The waxwork of former Emperor Haile Selassie at the Throne Hall. AFP
Ethiopian Prime Minister Abiy Ahmed, who won the Nobel Prize for Peace last Friday, is ramping up efforts to showcase the nation's heritage and touristy developments to the world. As part of his measures, he has opened a palace that once housed Ethiopia's emperors to the public.
The palace compound in Addis Ababa was formally launched on Thursday.
The project has been rebranded as "Unity Park".
Abiy's office said on Twitter Thursday that the project "symbolises our ability to come together".
Backed by the UAE, the project cost more than $160 million (145 million euros).
Built in the late 1800s by Emperor Menelik II, who founded Addis Ababa, the palace was the residence of Ethiopia's rulers for more than a century.
Abiy himself does not live there, and it has seen little activity in recent years.
Abiy's advisers say he has taken a keen interest in transforming the palace into a tourist attraction since coming to power in April 2018 — visiting the site every day in recent weeks to monitor progress.
Though Africa’s youngest leader still faces big challenges, he has introduced political and economic reforms that promise a better life for many in impoverished Ethiopia and restored ties with Eritrea that had been frozen since a 1998-2000 border war.
The government's "Home-Grown Economic Reform" agenda, unveiled last month, describes tourism as a primary engine of potential job creation.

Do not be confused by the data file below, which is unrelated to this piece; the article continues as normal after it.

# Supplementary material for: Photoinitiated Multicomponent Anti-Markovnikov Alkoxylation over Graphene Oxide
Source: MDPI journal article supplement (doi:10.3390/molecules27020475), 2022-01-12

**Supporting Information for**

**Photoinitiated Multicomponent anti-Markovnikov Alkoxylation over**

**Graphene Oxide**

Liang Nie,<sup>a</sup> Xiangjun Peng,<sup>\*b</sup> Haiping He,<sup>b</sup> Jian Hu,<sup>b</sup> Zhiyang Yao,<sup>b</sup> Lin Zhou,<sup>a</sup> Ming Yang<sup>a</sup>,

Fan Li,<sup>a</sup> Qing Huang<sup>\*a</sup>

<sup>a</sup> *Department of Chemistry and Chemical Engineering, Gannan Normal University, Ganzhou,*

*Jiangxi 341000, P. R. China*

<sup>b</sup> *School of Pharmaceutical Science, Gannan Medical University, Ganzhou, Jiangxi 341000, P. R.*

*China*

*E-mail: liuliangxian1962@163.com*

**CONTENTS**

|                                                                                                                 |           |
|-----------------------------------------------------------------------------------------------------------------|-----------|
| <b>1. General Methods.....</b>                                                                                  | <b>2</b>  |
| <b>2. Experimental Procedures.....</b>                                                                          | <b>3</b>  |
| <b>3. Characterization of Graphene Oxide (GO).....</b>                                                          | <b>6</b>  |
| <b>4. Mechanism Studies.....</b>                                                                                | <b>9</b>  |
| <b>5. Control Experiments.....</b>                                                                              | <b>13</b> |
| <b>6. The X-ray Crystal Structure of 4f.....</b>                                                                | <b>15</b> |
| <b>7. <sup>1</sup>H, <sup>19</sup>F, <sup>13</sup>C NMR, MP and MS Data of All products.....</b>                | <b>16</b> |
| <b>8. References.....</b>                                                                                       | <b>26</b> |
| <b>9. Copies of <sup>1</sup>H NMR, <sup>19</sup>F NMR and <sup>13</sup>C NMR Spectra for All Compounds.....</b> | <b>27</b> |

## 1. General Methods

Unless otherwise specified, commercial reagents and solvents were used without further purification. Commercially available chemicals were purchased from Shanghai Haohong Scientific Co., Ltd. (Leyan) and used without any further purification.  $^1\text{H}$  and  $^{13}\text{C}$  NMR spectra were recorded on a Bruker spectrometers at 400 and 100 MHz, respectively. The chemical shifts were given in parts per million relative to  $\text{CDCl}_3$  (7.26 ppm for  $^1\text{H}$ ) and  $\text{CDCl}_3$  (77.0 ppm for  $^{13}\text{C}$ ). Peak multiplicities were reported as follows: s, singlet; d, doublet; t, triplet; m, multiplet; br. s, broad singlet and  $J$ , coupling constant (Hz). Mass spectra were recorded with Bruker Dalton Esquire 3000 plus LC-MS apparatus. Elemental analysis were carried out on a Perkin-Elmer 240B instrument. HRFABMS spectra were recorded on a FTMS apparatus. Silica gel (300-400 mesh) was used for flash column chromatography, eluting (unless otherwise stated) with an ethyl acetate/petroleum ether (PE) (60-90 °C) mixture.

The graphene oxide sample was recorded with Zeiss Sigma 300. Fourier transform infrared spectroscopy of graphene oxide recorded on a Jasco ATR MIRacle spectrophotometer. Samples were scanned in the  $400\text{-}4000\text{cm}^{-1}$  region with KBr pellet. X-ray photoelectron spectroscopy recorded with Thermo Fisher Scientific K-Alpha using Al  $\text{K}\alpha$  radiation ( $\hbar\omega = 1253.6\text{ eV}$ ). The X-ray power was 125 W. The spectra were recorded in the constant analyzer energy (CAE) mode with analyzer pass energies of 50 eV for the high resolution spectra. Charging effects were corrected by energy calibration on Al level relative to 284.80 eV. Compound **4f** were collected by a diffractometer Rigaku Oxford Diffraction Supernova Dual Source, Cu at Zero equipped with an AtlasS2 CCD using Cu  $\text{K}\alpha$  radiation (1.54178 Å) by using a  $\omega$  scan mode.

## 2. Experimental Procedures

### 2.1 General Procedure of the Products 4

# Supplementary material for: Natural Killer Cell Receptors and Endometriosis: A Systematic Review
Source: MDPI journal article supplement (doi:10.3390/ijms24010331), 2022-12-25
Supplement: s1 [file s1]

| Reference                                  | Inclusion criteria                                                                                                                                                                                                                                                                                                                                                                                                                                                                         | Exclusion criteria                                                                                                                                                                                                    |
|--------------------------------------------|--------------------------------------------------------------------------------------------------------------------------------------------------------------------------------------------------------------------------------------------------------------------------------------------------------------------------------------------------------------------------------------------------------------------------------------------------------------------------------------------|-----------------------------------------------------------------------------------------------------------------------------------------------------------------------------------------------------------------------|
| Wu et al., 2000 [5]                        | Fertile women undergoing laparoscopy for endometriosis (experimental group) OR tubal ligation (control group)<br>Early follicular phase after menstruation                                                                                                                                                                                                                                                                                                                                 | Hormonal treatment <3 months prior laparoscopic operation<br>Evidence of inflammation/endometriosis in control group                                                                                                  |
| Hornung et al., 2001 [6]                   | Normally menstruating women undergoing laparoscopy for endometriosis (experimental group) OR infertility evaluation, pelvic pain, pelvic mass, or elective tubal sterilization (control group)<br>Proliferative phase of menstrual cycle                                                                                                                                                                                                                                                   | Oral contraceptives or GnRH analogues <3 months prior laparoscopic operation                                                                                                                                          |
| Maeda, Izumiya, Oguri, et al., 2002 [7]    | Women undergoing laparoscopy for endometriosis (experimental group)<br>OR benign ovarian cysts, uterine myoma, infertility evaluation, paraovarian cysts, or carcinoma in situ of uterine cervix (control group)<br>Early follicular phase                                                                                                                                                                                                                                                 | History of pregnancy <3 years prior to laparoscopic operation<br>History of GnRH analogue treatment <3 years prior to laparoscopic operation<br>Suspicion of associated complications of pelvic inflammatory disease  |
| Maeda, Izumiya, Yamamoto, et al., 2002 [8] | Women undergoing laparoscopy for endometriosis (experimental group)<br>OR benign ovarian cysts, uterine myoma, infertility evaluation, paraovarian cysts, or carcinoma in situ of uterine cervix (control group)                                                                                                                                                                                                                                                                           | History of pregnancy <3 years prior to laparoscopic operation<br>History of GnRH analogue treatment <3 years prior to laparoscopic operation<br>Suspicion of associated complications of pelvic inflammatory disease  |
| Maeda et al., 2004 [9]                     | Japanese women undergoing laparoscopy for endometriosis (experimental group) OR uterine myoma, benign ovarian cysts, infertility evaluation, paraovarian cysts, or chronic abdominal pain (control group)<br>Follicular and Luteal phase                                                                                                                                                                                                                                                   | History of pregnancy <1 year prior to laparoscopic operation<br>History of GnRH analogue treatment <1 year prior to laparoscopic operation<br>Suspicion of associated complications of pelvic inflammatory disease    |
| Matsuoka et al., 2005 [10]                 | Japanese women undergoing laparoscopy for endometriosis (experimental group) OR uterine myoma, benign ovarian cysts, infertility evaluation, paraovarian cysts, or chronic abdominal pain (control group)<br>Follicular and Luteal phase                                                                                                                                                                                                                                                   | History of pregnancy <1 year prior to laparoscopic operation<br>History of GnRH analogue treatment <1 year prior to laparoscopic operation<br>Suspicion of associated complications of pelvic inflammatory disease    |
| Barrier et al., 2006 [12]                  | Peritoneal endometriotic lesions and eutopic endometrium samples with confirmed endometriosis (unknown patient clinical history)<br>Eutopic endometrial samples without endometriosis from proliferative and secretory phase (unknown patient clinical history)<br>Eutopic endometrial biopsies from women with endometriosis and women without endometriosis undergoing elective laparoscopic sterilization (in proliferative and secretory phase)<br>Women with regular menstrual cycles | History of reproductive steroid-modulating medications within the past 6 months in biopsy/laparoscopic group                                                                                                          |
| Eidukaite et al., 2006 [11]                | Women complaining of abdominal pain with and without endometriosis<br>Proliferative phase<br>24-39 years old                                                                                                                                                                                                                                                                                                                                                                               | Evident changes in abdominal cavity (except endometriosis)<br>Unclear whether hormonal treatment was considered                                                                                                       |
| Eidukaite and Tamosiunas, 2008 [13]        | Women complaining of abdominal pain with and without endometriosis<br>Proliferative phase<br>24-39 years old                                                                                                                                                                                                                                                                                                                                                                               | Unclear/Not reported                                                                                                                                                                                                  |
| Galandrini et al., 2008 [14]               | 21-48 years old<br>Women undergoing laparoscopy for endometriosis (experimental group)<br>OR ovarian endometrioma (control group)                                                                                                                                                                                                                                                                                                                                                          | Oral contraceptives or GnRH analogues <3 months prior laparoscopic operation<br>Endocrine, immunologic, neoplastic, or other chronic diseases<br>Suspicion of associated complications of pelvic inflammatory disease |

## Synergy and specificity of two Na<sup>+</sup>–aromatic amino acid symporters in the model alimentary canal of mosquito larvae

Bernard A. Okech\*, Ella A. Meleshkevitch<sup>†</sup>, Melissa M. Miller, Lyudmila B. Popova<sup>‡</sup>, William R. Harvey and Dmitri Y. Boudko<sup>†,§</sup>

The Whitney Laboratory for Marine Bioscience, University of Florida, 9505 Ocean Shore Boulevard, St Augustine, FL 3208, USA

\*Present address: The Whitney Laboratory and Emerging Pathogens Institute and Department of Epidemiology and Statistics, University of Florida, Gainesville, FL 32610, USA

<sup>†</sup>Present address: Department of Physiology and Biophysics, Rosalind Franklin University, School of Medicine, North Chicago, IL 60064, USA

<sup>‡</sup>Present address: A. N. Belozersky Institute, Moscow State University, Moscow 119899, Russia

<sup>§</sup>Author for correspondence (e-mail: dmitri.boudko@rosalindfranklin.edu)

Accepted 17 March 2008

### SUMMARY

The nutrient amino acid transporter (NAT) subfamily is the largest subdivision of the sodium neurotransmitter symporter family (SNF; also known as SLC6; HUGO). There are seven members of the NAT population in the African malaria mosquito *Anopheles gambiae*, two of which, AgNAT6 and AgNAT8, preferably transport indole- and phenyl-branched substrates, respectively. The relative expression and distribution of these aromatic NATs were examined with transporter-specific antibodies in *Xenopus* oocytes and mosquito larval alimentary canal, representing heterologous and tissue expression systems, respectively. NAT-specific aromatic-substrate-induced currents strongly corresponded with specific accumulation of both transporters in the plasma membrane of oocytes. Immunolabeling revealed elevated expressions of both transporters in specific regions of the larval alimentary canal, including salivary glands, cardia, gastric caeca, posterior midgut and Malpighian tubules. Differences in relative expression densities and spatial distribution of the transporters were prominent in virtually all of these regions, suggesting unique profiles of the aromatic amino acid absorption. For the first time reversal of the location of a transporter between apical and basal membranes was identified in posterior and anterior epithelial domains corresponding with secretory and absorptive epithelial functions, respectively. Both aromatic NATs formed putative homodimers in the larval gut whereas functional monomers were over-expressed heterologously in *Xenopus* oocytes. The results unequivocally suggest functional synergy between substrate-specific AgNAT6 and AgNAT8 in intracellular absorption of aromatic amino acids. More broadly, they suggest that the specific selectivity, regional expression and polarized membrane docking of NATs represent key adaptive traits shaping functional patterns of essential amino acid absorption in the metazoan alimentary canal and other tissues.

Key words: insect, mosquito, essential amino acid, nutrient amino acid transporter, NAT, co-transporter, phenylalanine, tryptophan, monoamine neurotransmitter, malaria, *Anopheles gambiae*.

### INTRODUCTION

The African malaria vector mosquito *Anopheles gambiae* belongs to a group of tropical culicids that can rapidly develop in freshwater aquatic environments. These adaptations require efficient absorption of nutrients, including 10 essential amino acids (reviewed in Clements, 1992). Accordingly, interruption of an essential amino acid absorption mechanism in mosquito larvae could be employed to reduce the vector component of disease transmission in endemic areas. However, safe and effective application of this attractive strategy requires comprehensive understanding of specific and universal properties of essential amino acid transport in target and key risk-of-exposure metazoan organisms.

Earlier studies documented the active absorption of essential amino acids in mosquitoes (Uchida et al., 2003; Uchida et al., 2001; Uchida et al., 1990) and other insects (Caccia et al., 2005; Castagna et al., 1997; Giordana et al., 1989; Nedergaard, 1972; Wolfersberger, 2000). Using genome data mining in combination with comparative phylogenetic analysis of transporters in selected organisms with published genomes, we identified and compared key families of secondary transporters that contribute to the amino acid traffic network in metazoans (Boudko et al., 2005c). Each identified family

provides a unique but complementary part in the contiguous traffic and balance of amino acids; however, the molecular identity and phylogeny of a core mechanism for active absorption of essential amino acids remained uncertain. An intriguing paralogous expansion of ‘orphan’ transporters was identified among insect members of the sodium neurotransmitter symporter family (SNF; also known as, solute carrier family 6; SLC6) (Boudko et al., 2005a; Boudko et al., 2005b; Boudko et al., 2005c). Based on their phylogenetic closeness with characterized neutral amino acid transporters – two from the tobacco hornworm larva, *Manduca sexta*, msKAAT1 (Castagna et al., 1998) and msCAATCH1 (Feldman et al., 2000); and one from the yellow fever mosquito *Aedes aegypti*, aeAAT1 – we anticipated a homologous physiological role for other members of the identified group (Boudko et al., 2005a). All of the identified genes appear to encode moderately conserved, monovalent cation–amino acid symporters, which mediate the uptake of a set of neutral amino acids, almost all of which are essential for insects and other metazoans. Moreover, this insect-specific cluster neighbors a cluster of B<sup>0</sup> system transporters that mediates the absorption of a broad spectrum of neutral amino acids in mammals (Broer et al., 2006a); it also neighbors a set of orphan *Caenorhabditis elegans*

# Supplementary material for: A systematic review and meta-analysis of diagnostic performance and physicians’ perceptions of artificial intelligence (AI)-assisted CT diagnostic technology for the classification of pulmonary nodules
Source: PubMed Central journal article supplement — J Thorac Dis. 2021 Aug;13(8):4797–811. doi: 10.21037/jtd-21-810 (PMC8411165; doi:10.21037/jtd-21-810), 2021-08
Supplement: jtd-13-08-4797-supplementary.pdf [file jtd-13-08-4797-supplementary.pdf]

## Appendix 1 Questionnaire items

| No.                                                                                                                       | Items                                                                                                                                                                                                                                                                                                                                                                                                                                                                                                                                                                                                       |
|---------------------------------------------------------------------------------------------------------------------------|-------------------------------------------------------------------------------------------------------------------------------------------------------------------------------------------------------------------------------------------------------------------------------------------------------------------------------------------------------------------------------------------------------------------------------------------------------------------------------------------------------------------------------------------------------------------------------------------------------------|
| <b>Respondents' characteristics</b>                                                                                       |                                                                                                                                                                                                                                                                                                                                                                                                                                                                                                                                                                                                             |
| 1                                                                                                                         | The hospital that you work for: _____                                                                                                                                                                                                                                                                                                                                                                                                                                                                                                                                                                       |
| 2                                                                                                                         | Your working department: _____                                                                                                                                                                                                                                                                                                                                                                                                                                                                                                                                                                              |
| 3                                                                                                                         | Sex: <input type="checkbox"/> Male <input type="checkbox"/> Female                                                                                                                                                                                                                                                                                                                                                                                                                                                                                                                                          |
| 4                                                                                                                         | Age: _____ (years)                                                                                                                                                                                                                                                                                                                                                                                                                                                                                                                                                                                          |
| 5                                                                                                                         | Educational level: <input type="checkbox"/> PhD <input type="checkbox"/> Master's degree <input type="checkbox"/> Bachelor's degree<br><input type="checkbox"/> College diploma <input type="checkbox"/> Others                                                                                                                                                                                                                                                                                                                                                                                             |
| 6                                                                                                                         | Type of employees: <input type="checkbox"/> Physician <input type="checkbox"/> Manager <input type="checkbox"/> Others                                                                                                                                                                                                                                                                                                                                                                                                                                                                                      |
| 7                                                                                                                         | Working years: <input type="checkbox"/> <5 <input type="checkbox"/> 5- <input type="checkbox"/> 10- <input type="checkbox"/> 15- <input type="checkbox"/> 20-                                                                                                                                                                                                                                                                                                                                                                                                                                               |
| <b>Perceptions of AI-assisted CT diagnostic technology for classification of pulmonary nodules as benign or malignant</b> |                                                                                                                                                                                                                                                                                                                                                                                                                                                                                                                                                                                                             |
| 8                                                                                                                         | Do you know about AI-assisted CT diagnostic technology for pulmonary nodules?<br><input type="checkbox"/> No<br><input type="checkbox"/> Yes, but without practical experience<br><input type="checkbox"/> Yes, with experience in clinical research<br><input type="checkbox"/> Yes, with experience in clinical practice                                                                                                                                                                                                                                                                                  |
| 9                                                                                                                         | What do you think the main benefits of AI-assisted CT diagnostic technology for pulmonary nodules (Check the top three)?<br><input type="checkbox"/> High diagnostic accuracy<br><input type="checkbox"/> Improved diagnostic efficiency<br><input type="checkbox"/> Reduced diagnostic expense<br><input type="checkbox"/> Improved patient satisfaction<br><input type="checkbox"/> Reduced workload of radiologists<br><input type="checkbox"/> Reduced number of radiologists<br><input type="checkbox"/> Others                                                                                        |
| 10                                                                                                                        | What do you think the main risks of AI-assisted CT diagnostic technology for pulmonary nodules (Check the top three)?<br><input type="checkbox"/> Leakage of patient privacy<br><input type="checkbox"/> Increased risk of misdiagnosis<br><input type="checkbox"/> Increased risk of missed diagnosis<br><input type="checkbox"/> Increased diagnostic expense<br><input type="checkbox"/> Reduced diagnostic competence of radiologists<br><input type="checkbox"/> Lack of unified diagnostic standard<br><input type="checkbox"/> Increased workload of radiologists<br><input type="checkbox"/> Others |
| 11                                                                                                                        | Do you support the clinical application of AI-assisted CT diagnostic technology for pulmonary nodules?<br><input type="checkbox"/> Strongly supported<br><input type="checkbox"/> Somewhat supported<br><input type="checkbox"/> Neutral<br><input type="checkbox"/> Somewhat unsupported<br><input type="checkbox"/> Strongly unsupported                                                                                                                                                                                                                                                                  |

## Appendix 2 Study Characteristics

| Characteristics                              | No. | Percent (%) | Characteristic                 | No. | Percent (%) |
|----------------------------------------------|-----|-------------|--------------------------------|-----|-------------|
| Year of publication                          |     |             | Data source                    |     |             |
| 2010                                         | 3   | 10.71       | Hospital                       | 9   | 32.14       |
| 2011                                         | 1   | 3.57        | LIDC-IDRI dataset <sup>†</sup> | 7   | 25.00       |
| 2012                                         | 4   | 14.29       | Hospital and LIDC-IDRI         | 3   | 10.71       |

On Thursday, government officials and the diplomatic corps toured the expansive site before attending a banquet that was expected to draw five regional heads of state and other dignitaries.
The restored rooms feature items like Menelik's sword and a life-size wax replica of former Emperor Haile Selassie, who lived at the palace.
The site also includes a sculpture garden with installations representing Ethiopia's nine regions, and a zoo is expected to open by the end of the year.
Aklilu Fikresilassie, an Ethiopian employee of the United Nations who attended the launch Thursday, said he was "really fascinated" to set foot inside a place that had been closed to the public his entire life.
"For us it's like a government house, so now when you enter that palace it tells you that we are getting somehow closer to our leaders," he said.
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